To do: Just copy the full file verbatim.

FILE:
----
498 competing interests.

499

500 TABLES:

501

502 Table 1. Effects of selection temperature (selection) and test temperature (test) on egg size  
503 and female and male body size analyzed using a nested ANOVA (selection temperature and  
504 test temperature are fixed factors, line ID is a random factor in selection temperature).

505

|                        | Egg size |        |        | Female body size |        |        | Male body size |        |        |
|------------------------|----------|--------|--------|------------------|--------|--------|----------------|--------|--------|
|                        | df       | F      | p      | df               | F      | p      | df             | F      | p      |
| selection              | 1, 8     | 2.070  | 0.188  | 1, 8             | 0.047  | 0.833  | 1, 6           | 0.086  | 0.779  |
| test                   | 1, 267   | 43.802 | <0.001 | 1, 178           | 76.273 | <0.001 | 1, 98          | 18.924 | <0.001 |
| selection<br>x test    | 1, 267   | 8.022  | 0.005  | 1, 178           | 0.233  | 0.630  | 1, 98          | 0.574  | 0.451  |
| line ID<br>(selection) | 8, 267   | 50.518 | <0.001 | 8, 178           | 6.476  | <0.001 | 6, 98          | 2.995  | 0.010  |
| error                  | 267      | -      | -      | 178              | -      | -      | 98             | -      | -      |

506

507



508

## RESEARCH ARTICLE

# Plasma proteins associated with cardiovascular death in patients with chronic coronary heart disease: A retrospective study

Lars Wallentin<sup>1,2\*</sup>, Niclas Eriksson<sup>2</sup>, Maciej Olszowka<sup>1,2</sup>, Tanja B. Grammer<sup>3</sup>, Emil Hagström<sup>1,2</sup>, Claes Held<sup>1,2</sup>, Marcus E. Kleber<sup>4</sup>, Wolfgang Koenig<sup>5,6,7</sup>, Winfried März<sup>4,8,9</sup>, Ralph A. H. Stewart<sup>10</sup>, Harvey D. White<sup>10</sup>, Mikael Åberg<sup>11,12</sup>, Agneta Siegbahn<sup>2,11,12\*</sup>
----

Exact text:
498 competing interests.

499

500 TABLES:

501

502 Table 1. Effects of selection temperature (selection) and test temperature (test) on egg size  
503 and female and male body size analyzed using a nested ANOVA (selection temperature and  
504 test temperature are fixed factors, line ID is a random factor in selection temperature).

505

|                        | Egg size |        |        | Female body size |        |        | Male body size |        |        |
|------------------------|----------|--------|--------|------------------|--------|--------|----------------|--------|--------|
|                        | df       | F      | p      | df               | F      | p      | df             | F      | p      |
| selection              | 1, 8     | 2.070  | 0.188  | 1, 8             | 0.047  | 0.833  | 1, 6           | 0.086  | 0.779  |
| test                   | 1, 267   | 43.802 | <0.001 | 1, 178           | 76.273 | <0.001 | 1, 98          | 18.924 | <0.001 |
| selection<br>x test    | 1, 267   | 8.022  | 0.005  | 1, 178           | 0.233  | 0.630  | 1, 98          | 0.574  | 0.451  |
| line ID<br>(selection) | 8, 267   | 50.518 | <0.001 | 8, 178           | 6.476  | <0.001 | 6, 98          | 2.995  | 0.010  |
| error                  | 267      | -      | -      | 178              | -      | -      | 98             | -      | -      |

506

507



508

## RESEARCH ARTICLE

# Plasma proteins associated with cardiovascular death in patients with chronic coronary heart disease: A retrospective study

Lars Wallentin<sup>1,2\*</sup>, Niclas Eriksson<sup>2</sup>, Maciej Olszowka<sup>1,2</sup>, Tanja B. Grammer<sup>3</sup>, Emil Hagström<sup>1,2</sup>, Claes Held<sup>1,2</sup>, Marcus E. Kleber<sup>4</sup>, Wolfgang Koenig<sup>5,6,7</sup>, Winfried März<sup>4,8,9</sup>, Ralph A. H. Stewart<sup>10</sup>, Harvey D. White<sup>10</sup>, Mikael Åberg<sup>11,12</sup>, Agneta Siegbahn<sup>2,11,12\*</sup>